Van Looy, Kris ; Tonkin, Jonathan D. ; Floury, Mathieu ; Leigh, Catherine ; Soininen, Janne ; Larsen, Stefano ; Heino, Jani ; LeRoy Poff, N. ; Delong, Michael ; Jähnig, Sonja C. ; Datry, Thibault ; Bonada, Núria ; Rosebery, Juliette ; Jamoneau, Aurélien ; Ormerod, Steve J. ; Collier, Kevin J. ; Wolter, Christian. / The three Rs of river ecosystem resilience : Resources, recruitment, and refugia. In: River Research and Applications. 2019 ; Vol. 35, No. 2. pp. 107-120.
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Van Looy, K, Tonkin, JD, Floury, M, Leigh, C, Soininen, J, Larsen, S, Heino, J, LeRoy Poff, N, Delong, M, Jähnig, SC, Datry, T, Bonada, N, Rosebery, J, Jamoneau, A, Ormerod, SJ, Collier, KJ & Wolter, C 2019, 'The three Rs of river ecosystem resilience: Resources, recruitment, and refugia', River Research and Applications, vol. 35, no. 2, pp. 107-120. https://doi.org/10.1002/rra.3396

The three Rs of river ecosystem resilience : Resources, recruitment, and refugia. / Van Looy, Kris; Tonkin, Jonathan D.; Floury, Mathieu; Leigh, Catherine; Soininen, Janne; Larsen, Stefano; Heino, Jani; LeRoy Poff, N.; Delong, Michael; Jähnig, Sonja C.; Datry, Thibault; Bonada, Núria; Rosebery, Juliette; Jamoneau, Aurélien; Ormerod, Steve J.; Collier, Kevin J.; Wolter, Christian.

In: River Research and Applications, Vol. 35, No. 2, 01.02.2019, p. 107-120.

Research output: Contribution to journalReview article

TY - JOUR

T1 - The three Rs of river ecosystem resilience

T2 - Resources, recruitment, and refugia

AU - Van Looy, Kris

AU - Tonkin, Jonathan D.

AU - Floury, Mathieu

AU - Leigh, Catherine

AU - Soininen, Janne

AU - Larsen, Stefano

AU - Heino, Jani

AU - LeRoy Poff, N.

AU - Delong, Michael

AU - Jähnig, Sonja C.

AU - Datry, Thibault

AU - Bonada, Núria

AU - Rosebery, Juliette

AU - Jamoneau, Aurélien

AU - Ormerod, Steve J.

AU - Collier, Kevin J.

AU - Wolter, Christian

PY - 2019/2/1

Y1 - 2019/2/1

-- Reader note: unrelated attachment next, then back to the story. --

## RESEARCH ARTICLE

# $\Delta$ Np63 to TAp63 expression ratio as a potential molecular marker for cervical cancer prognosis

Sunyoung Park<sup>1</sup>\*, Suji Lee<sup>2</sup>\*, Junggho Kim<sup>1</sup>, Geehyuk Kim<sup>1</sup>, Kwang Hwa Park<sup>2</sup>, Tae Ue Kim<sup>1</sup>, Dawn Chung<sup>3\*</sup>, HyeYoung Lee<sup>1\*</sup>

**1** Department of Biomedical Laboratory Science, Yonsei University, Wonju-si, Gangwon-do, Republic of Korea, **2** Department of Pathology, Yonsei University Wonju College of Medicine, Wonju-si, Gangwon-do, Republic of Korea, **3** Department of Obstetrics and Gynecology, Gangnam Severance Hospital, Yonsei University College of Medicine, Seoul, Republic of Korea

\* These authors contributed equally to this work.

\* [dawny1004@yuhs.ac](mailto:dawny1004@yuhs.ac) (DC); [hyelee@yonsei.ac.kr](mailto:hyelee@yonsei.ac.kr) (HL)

N2 - Resilience in river ecosystems requires that organisms must persist in the face of highly dynamic hydrological and geomorphological variations. Disturbance events such as floods and droughts are postulated to shape life history traits that support resilience, but river management and conservation would benefit from greater understanding of the emergent effects in communities of river organisms. We unify current knowledge of taxonomic-, phylogenetic-, and trait-based aspects of river communities that might aid the identification and quantification of resilience mechanisms. Temporal variations in river productivity, physical connectivity, and environmental heterogeneity resulting from floods and droughts are highlighted as key characteristics that promote resilience in these dynamic ecosystems. Three community-wide mechanisms that underlie resilience are (a) partitioning (competition/facilitation) of dynamically varying resources, (b) dispersal, recolonization, and recruitment promoted by connectivity, and (c) functional redundancy in communities promoted by resource heterogeneity and refugia. Along with taxonomic and phylogenetic identity, biological traits related to feeding specialization, dispersal ability, and habitat specialization mediate organism responses to disturbance. Measures of these factors might also enable assessment of the relative contributions of different mechanisms to community resilience. Interactions between abiotic drivers and biotic aspects of resource use, dispersal, and persistence have clear implications for river conservation and management. To support these management needs, we propose a set of taxonomic, phylogenetic, and life-history trait metrics that might be used to measure resilience mechanisms. By identifying such indicators, our proposed framework can enable targeted management strategies to adapt river ecosystems to global change.